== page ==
The other amendment was to eliminate the unequal and unfairness of the labour force attachment by reducing the number of labour force attachment hours required of employment insurance claimants from 600 to 420 that would have to be worked over the six-month period. Reducing the number of hours required would have the effect of extending benefits to part-time workers. We know the number of part-time workers has grown in the country.

In 2004, one in eight jobs were of a part-time nature. Now, one in seven jobs are of a part-time nature. That is fairly significant. It is a big change in the fundamentals of the workforce structure in our country. The amendment we put forward would have addressed the number, especially if a primary caregiver were the mother. The number of women in the workforce who work part-time far exceeds the number of men who work part-time.

We asked the government how it arrived at this number and it could not really provide a legitimate rationale for the 600 hour requirement. We quizzed officials on this and they said that they chose this number because that was what was required to receive special benefits. It was synchronized up like that. There was no other rationale for it. If they had looked at the changing nature of the workforce and the fact that the part-time worker segment had grown so much over the last eight years, they may have been able to alter their perception to improve the legislation.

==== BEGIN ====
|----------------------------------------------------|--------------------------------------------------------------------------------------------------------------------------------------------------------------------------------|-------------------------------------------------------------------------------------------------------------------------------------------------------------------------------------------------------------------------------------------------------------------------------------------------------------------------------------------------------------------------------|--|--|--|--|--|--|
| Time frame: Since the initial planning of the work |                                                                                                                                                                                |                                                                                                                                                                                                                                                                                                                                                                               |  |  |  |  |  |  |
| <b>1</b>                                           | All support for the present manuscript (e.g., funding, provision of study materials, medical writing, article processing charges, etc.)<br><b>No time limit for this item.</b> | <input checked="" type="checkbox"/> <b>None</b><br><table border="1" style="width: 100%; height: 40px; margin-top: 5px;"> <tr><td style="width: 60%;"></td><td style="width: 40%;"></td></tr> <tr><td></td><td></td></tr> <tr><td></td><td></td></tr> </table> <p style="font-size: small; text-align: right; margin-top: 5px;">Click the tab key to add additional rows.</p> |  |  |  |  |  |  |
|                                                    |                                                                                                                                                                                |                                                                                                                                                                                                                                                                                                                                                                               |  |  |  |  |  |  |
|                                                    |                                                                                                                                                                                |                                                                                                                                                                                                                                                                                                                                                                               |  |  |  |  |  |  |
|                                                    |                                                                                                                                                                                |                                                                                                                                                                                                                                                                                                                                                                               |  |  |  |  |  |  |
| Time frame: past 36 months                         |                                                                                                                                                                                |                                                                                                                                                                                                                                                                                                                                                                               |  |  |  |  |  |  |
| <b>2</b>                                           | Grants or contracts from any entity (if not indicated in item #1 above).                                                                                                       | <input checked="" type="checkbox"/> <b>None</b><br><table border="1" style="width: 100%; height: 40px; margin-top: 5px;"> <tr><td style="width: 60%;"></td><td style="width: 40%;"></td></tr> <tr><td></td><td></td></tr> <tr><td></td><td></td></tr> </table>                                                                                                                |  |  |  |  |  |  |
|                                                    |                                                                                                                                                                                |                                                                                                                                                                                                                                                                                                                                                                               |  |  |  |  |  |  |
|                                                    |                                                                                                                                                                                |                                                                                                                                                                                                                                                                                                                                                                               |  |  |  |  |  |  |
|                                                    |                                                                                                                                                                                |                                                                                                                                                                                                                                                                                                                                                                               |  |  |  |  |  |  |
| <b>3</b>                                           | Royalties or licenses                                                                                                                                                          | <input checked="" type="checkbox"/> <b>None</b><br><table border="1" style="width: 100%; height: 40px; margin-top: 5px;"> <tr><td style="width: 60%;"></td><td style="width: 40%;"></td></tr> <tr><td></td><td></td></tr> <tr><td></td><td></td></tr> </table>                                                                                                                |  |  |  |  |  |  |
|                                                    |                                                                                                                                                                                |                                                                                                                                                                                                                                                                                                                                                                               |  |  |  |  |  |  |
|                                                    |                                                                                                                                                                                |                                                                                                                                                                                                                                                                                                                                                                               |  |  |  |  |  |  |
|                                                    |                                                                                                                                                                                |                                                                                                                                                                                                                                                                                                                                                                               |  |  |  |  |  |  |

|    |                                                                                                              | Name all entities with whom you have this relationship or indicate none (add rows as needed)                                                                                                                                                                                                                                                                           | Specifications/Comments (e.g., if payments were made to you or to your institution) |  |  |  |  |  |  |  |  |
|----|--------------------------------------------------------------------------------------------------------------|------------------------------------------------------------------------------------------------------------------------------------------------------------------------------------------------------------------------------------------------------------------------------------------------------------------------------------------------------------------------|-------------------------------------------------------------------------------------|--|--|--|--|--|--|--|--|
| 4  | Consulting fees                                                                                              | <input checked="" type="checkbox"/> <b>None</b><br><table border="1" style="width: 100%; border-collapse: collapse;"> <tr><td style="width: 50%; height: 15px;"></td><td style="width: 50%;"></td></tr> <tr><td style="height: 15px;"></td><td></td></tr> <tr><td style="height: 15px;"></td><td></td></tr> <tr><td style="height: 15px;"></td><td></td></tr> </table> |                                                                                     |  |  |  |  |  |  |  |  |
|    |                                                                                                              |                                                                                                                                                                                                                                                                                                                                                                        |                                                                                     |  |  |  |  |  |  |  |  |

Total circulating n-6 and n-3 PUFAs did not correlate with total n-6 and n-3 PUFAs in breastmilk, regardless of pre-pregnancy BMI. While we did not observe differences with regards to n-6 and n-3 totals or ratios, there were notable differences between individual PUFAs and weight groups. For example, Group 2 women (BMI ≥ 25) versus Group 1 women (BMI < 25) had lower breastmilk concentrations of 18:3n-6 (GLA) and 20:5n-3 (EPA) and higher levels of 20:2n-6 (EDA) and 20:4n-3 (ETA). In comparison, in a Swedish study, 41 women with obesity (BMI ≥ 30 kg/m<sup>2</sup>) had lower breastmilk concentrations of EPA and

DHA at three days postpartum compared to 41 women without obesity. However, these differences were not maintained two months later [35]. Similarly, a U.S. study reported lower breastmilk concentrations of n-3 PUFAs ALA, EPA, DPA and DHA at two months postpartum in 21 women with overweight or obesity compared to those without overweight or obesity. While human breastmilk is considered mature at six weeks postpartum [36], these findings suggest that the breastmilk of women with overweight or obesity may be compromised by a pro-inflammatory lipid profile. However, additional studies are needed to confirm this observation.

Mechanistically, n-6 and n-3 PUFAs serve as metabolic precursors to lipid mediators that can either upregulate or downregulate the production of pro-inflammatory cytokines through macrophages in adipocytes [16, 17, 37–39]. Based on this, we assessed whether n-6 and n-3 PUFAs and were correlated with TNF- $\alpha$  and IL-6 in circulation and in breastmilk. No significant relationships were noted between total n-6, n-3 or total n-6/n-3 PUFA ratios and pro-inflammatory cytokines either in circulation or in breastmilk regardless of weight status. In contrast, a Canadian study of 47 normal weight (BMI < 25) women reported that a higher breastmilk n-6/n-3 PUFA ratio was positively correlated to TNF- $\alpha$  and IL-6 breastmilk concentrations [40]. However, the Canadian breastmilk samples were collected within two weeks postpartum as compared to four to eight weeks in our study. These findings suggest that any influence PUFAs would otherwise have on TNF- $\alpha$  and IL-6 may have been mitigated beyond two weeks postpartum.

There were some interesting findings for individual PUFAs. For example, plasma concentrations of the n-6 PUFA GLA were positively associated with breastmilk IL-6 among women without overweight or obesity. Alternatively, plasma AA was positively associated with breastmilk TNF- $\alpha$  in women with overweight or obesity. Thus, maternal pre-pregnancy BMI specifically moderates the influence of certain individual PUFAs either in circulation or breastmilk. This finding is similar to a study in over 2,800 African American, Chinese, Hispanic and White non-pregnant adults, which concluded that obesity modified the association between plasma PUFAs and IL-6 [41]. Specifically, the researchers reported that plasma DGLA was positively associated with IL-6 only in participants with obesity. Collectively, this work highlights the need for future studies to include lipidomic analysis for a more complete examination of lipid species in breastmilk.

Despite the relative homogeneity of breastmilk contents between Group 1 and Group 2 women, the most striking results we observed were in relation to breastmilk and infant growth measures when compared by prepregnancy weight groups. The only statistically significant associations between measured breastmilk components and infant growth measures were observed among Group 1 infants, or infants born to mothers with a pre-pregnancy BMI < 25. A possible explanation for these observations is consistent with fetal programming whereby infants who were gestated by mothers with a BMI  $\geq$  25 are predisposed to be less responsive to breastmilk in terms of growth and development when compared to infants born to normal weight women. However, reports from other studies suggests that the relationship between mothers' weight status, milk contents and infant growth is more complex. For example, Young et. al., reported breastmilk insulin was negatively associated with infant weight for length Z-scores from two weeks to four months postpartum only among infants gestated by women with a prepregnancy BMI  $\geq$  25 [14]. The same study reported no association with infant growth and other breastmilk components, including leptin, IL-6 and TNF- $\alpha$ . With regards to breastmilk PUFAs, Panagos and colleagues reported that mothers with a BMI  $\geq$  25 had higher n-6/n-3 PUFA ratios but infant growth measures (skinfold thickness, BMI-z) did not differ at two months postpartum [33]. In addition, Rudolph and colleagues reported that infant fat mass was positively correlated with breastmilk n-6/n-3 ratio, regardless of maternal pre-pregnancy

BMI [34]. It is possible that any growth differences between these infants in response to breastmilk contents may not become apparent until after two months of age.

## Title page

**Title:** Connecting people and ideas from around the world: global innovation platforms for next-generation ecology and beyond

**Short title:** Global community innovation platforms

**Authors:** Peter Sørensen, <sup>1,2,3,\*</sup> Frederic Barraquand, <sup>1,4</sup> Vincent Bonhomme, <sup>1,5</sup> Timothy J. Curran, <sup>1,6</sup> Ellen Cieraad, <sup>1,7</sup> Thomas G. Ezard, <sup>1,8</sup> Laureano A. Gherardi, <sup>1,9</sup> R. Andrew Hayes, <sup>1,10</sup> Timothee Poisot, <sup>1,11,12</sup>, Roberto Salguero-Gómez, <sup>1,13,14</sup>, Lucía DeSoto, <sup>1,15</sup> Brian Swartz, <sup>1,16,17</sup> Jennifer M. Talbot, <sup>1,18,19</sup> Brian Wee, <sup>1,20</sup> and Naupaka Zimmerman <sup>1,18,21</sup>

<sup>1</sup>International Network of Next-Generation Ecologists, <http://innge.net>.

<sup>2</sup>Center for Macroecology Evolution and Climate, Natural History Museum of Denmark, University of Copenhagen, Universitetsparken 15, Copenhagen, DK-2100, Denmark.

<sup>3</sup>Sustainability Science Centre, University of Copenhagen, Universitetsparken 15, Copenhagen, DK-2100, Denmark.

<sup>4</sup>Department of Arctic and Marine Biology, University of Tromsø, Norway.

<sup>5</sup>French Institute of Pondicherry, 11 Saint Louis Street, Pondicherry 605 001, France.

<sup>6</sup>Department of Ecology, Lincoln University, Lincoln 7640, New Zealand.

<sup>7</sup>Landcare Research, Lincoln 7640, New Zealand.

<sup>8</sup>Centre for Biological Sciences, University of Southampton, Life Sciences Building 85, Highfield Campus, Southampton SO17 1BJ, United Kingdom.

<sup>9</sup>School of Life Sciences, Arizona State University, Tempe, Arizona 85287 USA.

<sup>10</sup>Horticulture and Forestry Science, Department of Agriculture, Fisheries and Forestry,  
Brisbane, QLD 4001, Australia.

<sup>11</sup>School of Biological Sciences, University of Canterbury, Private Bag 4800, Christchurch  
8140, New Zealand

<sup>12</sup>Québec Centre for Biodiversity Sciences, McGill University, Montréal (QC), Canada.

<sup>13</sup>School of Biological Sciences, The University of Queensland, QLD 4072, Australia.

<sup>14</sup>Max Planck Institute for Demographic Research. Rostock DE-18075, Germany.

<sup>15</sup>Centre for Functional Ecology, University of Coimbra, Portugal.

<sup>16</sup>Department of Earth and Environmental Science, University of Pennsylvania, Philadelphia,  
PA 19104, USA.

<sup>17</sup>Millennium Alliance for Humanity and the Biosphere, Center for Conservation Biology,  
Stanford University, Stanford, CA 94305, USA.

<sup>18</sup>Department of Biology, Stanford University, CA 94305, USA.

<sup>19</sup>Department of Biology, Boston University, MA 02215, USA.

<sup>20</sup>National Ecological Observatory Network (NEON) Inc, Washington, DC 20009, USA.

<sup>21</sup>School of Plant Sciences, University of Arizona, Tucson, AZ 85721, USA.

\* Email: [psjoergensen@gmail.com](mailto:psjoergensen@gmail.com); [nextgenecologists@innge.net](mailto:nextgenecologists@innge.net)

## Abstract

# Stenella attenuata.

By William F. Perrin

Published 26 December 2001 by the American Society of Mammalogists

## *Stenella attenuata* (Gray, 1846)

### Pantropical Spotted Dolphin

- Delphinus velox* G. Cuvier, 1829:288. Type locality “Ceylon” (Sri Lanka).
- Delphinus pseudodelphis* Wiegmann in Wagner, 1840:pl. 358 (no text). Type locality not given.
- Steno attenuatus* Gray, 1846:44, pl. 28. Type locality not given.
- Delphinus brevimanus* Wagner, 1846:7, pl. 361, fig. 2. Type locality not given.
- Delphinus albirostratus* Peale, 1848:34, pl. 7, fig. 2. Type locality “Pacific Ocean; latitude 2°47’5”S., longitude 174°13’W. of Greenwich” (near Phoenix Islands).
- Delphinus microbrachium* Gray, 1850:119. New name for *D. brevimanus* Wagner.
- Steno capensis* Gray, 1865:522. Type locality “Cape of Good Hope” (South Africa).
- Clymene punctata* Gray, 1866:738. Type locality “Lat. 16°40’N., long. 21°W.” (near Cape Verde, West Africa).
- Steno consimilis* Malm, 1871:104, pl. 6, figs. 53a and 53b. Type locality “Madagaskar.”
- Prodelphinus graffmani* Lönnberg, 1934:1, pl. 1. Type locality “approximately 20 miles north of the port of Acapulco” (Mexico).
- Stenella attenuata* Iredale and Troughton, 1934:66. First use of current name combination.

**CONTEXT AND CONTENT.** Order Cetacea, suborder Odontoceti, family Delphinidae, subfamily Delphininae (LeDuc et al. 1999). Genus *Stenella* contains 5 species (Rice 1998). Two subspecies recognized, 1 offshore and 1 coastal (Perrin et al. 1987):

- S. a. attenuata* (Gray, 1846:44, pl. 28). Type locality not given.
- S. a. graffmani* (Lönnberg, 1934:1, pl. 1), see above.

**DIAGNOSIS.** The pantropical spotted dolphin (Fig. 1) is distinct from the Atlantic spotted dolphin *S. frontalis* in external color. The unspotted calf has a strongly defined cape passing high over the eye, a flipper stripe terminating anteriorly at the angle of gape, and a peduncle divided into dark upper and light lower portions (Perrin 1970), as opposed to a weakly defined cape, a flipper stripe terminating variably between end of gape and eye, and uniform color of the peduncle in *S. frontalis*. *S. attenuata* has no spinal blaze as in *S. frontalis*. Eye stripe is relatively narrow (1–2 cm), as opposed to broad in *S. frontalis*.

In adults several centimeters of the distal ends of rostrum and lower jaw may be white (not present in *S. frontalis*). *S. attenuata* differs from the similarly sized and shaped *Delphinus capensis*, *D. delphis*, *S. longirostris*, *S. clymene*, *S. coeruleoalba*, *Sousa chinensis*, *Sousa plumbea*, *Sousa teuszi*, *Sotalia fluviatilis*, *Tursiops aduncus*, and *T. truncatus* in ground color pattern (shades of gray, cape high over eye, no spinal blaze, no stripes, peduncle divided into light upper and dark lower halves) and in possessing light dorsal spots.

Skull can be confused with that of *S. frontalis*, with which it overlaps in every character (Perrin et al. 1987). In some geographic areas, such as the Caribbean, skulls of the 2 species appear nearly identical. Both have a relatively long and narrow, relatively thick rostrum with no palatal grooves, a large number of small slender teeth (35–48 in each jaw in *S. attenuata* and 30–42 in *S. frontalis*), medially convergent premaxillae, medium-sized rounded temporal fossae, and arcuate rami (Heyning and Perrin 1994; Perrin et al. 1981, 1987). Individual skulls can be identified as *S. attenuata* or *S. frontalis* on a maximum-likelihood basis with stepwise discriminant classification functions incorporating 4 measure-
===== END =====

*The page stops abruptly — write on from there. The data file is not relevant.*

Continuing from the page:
In analyzing how many parents could potentially qualify, we found a significant percentage would not meet the minimum hourly requirement. In 2011, 25% of parents of children under age 18 worked part-time, a very substantive number, part-time being fewer than 30 hours a week. These parents worked an average of 16.5 hours a week. Had they worked continuously for six months, they would have only worked 430 hours, not enough to qualify for the EI benefit. In fact, 80% of fathers and 75% of mothers who worked part-time, worked fewer than what would be required to reach the 600 hours over the course of 26 weeks. That means 275,000 fathers and 680,000 mothers would not qualify for this new special benefit. It is just wrong to take that number of Canadians and tell them they will be unable to receive the same support as another group of Canadians. It is truly unfortunate and is a missed opportunity.